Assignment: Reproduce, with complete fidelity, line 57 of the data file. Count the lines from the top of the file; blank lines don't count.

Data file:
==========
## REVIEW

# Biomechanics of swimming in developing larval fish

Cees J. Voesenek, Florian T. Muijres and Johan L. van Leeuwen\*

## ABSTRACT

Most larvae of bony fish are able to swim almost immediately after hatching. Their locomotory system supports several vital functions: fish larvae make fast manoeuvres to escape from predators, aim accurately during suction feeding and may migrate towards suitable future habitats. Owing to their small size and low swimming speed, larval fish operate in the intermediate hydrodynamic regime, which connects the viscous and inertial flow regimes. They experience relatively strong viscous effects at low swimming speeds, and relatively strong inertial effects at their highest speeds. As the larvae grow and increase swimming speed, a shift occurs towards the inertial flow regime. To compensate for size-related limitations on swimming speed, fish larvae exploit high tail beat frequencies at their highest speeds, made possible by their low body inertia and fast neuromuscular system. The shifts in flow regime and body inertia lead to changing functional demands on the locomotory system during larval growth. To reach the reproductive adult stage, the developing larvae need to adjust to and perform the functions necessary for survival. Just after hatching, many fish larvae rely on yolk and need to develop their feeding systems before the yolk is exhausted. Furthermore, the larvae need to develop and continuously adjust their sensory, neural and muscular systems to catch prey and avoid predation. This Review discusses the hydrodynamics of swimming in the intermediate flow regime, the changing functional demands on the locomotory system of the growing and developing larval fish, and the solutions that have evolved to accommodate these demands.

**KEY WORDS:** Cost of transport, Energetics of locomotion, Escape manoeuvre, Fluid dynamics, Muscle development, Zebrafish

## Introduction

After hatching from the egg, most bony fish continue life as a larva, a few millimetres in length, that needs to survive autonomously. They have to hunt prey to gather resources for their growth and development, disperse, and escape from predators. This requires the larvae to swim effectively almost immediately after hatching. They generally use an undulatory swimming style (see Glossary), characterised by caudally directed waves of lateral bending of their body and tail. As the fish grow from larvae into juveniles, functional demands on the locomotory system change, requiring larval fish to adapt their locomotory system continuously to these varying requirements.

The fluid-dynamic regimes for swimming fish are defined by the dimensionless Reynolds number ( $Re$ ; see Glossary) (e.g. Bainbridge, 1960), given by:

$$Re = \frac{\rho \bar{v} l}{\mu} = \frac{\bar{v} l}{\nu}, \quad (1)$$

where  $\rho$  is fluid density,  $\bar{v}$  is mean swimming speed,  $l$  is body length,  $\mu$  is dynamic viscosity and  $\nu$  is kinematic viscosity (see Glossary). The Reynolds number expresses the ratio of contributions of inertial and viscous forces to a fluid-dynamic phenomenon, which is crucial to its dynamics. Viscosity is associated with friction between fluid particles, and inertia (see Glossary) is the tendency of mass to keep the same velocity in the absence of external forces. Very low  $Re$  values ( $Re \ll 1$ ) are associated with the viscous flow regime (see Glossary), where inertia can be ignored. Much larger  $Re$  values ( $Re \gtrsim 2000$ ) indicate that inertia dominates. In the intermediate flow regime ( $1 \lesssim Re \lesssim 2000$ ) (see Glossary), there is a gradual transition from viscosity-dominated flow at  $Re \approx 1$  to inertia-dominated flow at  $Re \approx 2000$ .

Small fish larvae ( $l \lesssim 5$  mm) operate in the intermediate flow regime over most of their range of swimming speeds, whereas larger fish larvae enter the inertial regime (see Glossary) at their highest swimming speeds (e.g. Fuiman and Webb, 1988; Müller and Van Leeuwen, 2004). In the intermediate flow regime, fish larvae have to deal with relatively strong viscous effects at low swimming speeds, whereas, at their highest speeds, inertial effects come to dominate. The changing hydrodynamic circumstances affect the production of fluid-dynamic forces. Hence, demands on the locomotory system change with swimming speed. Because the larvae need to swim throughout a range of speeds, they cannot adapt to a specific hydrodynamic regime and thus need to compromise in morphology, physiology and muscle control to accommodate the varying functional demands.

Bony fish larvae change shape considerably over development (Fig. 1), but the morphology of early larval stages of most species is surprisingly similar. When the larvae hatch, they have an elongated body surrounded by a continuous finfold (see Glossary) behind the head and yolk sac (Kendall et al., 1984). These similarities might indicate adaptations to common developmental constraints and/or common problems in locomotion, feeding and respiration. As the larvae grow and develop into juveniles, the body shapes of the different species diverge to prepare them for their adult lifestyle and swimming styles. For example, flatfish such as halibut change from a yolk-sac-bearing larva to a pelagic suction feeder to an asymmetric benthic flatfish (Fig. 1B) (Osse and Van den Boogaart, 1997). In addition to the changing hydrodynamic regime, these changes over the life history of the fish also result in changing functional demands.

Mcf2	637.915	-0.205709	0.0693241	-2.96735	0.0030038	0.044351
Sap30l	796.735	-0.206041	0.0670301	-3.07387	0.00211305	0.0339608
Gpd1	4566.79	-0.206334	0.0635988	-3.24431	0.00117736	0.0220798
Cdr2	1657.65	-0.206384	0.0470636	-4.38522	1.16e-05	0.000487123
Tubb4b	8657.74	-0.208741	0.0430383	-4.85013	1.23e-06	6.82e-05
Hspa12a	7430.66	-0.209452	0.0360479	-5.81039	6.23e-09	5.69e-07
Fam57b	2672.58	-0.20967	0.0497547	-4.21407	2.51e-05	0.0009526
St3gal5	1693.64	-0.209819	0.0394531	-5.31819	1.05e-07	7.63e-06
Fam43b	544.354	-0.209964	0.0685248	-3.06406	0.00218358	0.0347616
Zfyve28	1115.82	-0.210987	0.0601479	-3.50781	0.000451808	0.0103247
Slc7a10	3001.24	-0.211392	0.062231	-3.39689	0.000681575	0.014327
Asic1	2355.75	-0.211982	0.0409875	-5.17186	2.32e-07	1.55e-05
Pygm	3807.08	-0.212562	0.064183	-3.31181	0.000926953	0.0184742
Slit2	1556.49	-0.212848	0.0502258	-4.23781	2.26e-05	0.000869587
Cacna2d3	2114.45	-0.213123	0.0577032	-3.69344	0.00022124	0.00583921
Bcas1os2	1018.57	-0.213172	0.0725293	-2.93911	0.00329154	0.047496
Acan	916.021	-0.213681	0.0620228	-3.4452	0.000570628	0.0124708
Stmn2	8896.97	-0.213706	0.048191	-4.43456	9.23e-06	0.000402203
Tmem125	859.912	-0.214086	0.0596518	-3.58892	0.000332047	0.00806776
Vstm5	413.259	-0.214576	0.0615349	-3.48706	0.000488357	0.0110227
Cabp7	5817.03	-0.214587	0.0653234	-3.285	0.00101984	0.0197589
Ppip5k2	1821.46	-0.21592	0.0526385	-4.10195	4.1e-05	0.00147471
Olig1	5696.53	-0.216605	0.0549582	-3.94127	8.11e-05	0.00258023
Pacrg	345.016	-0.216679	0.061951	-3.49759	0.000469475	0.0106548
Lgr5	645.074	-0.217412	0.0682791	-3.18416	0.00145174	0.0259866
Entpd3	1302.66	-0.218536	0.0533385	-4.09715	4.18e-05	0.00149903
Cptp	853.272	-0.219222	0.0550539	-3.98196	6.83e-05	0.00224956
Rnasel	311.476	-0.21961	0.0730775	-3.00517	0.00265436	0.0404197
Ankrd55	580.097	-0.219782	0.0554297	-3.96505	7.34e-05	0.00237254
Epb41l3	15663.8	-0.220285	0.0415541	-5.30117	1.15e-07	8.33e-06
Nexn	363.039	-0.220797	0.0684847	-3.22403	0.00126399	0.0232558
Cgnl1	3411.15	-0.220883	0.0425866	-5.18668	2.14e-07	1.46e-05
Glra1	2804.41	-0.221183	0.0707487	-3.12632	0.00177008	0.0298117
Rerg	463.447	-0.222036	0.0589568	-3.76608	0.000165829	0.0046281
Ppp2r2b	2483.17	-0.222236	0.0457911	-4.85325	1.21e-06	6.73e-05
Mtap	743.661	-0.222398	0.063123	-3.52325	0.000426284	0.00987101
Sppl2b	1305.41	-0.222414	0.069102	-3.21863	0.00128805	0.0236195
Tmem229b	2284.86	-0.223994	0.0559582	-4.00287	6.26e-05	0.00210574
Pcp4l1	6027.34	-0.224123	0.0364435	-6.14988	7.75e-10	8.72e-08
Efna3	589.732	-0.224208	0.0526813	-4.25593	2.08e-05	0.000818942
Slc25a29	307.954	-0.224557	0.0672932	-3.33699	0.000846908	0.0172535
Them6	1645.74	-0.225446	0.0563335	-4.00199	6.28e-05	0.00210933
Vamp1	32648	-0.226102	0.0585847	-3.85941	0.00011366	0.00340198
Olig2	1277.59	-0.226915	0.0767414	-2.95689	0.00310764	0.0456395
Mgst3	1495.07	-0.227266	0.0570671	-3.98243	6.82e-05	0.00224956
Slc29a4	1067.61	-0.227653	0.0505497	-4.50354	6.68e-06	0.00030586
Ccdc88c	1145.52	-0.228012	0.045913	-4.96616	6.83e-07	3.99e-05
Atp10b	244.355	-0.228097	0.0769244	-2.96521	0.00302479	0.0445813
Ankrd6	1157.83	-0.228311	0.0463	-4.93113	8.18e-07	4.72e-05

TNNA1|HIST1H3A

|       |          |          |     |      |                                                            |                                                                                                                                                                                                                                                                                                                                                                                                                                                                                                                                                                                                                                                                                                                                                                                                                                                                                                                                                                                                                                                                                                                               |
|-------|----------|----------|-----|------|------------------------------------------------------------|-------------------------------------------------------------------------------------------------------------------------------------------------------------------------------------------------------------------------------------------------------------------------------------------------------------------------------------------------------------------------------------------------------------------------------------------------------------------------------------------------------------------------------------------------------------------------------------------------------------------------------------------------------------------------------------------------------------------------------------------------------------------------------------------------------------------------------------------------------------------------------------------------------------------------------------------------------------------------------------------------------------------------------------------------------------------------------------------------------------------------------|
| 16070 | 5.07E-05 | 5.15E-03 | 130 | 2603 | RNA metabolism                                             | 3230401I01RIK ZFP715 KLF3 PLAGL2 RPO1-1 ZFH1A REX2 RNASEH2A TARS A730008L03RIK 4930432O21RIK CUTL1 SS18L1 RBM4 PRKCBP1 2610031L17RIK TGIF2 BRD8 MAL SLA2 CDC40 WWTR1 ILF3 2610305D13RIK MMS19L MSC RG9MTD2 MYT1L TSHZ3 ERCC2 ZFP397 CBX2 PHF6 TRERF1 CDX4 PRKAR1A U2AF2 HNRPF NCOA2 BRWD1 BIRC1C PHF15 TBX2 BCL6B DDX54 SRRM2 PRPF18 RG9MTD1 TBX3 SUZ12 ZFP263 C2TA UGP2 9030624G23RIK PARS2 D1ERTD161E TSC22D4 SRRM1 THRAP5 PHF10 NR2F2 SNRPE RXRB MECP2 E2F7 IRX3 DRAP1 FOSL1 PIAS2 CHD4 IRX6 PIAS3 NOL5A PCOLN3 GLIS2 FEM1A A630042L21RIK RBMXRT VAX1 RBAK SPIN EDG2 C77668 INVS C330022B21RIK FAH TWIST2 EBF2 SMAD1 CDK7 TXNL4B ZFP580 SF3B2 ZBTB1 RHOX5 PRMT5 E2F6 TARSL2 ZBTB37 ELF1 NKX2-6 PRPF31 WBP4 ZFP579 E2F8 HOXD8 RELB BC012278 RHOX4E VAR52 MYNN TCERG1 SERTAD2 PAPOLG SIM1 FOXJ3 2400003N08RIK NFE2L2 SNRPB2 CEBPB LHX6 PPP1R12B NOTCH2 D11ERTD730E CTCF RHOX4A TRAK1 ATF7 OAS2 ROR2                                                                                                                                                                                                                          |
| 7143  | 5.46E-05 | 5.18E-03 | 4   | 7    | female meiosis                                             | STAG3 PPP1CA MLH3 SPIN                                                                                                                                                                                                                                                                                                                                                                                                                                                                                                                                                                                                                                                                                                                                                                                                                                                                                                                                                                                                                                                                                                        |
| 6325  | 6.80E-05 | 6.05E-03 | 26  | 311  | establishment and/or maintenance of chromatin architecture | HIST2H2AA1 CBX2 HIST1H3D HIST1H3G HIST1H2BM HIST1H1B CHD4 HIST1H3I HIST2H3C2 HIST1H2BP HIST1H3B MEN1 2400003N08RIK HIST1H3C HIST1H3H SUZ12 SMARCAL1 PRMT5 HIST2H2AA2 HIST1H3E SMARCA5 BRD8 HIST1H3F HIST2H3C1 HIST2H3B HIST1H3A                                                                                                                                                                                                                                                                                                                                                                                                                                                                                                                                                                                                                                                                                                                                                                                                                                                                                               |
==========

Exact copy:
Olig2	1277.59	-0.226915	0.0767414	-2.95689	0.00310764	0.0456395